Article

Low Carb, Ketogenic Diet Most Effective with Lifestyle Counseling, Adherence

Though controversial, diet helps many patients lose weight

Suitable for keto diet

The ketogenic diet program offered by the Duke Keto Medicine Clinic prescribes high-fat, low-carbohydrate food intake with adequate protein as a way to lower body weight and reverse type 2 diabetes mellitus (T2DM) in some patients.

Though controversial among some endocrinologists, the “keto diet” is an effective therapy that requires adherence and behavior modification by patients as well as lifestyle counselling by physicians, says director Eric C. Westman, MD, MHS, a specialist in obesity medicine and a past president of the Obesity Medicine Association.

“I don’t have to ask if this is a diet that works,” Westman says. “I see it working daily. I see weight go down and diabetes improve every day in the patients with whom we work.”

Since 2006, approximately 5,000 patients have participated in Duke’s keto diet program, usually after being referred by physicians as the “clinic of last resort” for patients with high-risk obesity and diabetes comorbidities, Westman says.

“Based on the last 20 years of research, the general consensus is that the keto diet can work as a therapeutic treatment for obesity and diabetes,” Westman says. “The controversies surround whether it is appropriate for everyone and for safe for long-term use.”

The low carbohydrate, keto diet has been used since the 1860s to treat obesity and diabetes. At the time, it was described as the Banting Diet. The low-carbohydrate, keto diet should not be confused with “The Ketogenic Diet,” a stricter version of a ketogenic diet used for the treatment of epilepsy. It was introduced in the 1920s.

Both diets lead to an increase in ketone bodies in the blood. “For epilepsy, it is extremely important to be strict because a small amount of dietary carbohydrate can lower the ketone levels and lead to a seizure,” Westman says. Obesity and diabetes treatments allow for more flexibility in the dietary pattern because the need for a specific ketone level is less clear, he adds.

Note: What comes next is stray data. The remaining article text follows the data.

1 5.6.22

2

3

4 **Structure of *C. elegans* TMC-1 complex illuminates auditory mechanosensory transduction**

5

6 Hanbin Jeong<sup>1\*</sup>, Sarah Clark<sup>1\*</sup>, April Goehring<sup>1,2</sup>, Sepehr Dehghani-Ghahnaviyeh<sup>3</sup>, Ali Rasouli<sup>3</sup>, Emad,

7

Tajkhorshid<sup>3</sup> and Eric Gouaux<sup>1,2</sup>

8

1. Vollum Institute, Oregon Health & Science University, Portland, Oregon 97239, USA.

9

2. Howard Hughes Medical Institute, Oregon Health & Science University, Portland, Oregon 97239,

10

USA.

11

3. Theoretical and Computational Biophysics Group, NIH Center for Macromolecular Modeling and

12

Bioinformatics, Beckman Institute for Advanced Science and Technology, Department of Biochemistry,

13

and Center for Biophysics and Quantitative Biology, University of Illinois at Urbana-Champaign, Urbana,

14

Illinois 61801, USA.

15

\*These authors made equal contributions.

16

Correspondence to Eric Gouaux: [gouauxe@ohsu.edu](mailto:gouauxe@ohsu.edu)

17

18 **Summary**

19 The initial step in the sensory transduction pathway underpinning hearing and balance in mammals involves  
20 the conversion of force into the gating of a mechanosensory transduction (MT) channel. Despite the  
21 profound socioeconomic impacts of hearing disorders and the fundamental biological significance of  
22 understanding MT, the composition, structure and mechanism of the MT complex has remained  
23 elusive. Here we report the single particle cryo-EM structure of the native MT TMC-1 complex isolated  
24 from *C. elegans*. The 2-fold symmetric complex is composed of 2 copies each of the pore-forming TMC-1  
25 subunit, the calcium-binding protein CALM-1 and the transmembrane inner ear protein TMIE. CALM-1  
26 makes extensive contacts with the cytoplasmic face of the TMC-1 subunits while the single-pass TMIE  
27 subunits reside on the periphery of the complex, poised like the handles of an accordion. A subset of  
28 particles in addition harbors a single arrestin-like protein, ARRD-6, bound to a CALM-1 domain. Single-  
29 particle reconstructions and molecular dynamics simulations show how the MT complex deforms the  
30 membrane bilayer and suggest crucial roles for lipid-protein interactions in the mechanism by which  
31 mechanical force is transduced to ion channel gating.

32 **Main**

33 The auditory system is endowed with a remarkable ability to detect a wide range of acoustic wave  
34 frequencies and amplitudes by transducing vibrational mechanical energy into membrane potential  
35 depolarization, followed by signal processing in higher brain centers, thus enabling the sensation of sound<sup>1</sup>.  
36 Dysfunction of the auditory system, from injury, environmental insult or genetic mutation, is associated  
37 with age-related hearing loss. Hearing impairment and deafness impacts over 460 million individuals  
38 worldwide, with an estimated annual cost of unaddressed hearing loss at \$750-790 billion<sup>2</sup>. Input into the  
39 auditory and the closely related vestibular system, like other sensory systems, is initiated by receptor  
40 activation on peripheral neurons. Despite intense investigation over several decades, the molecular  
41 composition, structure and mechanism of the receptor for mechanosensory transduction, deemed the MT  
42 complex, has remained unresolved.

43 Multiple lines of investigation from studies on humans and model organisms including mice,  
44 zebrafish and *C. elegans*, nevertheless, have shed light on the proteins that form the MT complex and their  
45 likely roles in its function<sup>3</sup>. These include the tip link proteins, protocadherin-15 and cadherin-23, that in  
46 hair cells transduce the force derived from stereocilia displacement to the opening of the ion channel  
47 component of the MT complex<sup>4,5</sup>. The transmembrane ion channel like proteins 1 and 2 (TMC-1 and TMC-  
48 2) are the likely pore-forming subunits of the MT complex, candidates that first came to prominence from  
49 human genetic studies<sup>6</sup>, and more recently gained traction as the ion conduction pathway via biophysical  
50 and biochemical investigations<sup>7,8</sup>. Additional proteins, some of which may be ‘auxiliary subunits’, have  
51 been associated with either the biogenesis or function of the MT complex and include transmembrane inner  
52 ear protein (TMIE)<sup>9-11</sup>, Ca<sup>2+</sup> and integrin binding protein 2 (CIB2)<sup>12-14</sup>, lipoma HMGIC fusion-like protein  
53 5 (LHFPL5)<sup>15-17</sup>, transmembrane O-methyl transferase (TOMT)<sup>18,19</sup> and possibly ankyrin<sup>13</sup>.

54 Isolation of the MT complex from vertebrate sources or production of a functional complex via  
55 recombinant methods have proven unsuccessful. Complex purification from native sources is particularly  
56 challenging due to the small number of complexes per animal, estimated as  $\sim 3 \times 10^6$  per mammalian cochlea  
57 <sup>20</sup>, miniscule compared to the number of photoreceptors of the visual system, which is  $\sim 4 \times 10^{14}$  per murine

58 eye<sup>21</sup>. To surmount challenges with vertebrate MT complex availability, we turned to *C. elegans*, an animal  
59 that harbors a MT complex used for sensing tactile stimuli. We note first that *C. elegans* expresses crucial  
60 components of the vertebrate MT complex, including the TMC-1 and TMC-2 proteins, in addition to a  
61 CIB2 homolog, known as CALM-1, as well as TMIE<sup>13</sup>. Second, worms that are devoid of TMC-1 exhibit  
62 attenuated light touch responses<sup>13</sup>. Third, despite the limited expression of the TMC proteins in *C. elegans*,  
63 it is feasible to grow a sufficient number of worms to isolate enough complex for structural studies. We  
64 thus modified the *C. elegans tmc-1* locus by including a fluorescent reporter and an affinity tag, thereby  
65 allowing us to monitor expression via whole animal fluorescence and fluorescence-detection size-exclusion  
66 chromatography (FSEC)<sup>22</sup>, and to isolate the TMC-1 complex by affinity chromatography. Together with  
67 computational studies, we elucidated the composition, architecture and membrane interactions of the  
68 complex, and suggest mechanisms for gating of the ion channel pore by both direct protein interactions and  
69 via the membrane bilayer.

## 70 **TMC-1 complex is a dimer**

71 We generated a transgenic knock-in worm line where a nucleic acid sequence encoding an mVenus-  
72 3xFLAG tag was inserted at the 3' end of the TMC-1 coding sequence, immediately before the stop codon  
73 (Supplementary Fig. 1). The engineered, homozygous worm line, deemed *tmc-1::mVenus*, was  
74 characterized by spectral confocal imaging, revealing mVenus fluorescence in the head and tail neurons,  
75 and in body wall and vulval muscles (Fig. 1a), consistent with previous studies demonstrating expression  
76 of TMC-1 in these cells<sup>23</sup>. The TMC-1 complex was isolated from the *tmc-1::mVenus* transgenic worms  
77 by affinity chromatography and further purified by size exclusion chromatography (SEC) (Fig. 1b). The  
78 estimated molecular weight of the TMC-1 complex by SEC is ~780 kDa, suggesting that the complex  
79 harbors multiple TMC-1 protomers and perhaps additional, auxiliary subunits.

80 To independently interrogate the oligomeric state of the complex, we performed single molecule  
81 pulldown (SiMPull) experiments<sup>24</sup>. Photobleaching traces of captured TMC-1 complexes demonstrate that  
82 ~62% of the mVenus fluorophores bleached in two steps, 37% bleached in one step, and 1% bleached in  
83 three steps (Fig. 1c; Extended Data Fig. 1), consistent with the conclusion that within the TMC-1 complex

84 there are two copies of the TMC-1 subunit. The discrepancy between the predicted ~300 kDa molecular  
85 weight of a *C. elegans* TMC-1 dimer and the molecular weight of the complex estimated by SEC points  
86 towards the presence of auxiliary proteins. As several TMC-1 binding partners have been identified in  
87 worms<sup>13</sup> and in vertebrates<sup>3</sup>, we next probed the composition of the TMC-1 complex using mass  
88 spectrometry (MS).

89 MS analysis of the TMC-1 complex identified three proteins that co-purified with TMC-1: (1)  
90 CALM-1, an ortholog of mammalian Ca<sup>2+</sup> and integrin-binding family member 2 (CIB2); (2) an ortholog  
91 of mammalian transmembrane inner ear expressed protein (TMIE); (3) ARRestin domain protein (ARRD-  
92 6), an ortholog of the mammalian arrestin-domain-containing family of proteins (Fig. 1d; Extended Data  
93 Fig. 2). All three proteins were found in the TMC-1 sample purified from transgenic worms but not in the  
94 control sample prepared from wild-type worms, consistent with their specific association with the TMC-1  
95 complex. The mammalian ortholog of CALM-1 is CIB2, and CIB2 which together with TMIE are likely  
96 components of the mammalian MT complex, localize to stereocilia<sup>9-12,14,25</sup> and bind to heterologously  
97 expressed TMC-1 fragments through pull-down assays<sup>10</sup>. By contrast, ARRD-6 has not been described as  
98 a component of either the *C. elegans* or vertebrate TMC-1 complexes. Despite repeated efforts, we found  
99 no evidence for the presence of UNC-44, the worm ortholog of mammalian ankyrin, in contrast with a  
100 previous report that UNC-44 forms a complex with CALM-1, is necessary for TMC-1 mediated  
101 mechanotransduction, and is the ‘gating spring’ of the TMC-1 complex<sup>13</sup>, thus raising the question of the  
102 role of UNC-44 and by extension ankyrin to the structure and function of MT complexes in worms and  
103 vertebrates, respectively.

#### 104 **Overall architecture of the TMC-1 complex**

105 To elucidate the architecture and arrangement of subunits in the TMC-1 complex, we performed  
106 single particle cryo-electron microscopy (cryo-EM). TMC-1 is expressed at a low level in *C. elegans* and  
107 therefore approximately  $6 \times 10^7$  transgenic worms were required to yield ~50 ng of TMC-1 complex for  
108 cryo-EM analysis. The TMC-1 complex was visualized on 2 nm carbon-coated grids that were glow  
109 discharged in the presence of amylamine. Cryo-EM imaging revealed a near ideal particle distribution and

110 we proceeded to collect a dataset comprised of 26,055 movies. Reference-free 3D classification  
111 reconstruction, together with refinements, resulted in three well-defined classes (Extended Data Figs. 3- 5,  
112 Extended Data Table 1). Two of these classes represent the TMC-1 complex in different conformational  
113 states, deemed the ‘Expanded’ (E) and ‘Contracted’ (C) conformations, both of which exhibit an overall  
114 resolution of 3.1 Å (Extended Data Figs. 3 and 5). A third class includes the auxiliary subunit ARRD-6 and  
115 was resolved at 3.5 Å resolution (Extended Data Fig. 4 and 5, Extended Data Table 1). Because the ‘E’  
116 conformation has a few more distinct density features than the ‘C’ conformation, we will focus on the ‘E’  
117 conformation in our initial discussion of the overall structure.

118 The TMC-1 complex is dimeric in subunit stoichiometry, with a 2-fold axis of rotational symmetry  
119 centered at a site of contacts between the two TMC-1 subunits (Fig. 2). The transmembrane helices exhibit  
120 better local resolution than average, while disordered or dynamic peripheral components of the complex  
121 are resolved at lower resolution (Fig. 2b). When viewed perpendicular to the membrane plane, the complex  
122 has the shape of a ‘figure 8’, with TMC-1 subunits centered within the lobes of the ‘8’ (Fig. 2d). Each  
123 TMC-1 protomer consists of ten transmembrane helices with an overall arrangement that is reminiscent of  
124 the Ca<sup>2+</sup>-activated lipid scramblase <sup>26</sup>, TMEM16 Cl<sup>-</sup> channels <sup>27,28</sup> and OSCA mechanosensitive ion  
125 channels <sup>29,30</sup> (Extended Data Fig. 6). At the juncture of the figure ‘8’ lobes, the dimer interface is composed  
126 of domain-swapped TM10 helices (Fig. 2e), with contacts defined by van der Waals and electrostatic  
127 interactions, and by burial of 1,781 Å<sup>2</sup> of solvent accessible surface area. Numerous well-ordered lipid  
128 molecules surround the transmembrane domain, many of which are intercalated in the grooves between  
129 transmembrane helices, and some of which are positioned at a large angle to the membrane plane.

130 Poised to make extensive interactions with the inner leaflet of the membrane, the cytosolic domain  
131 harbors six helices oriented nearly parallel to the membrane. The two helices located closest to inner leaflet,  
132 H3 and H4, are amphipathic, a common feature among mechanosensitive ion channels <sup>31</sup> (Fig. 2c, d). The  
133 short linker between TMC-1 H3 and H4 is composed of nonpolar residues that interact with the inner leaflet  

Dr. Westman's photo
Based on the last 20 years of research, the general consensus is that the keto diet can work as a therapeutic treatment for obesity and diabetes. The controversies surround whether it is appropriate for everyone and for safe for long-term use.
Eric C. Westman, MD, MHS, director of the Duke Keto Diet Clinic

Eliminating insulin use is a concern among endocrinologists

In recent years, the internet-based promotion of new so-called keto products has created confusion among patients and physicians. “We recommend that patients consume only products to that have been well studied in the context of a weight loss program,” Westman says.

The Duke Keto Medicine Clinic’s prescribed diet recommends “real food,” according to Westman, and his clinic provides guidance about both the types and amounts of food to be consumed for the day—typically less than 20 total grams of carbs per day.. The diet permits consumption of specific amounts of fat—a key differentiator from programs that encourage patients to avoid all fat.

One of the most significant controversies associated with the keto diet is the elimination of insulin use, which the clinic requires of participants. “De-prescription of drugs is just not something physicians are taught,” Westman says. “It is particularly challenging because we are working with these individuals on an outpatient basis, and there may be more than one medication we are dealing with.”

Westman acknowledges that a key point of contention among specialists who focus on patients with T2DM is whether diabetes can be reversed. “From my perspective, I know the condition can be reversed, even cured,” he says. “The cure exists when you have reached five consecutive years of normal blood sugar without evidence of diabetes.”

A more wary perspective from endocrinologists is understandable, Westman acknowledges. “Most endocrinologists never see diabetes improve because they don’t fully address lifestyle issues,” he says. “If patients continue to eat carbohydrates and doctors treat the condition with insulin, patients will have diabetes for life, because insulin perpetuates weight gain, which is one of the underlying contributing factors for diabetes.”

An advocate for continued clinical research related to the long-term effects of low-carbohydrate diets, Westman says scientific progress is evident after a long-standing taboo against dietary research was lifted in 2002.

“More research will bring a greater appreciation for lifestyle and behavioral change in medicine,” Westman adds. “I know that patients who follow the keto diet will have success. The widespread introduction of new foods such as cauliflower rice, cauliflower chunks cooked with seasoned cheese (cauli tots), and cheese-and-egg waffles (chaffles) makes the diet easier than ever to follow. But, still, not everyone can adhere to the program.” Westman is founder of a teaching and product company, Adapt Your Life, that is based on low carbohydrate diet principles.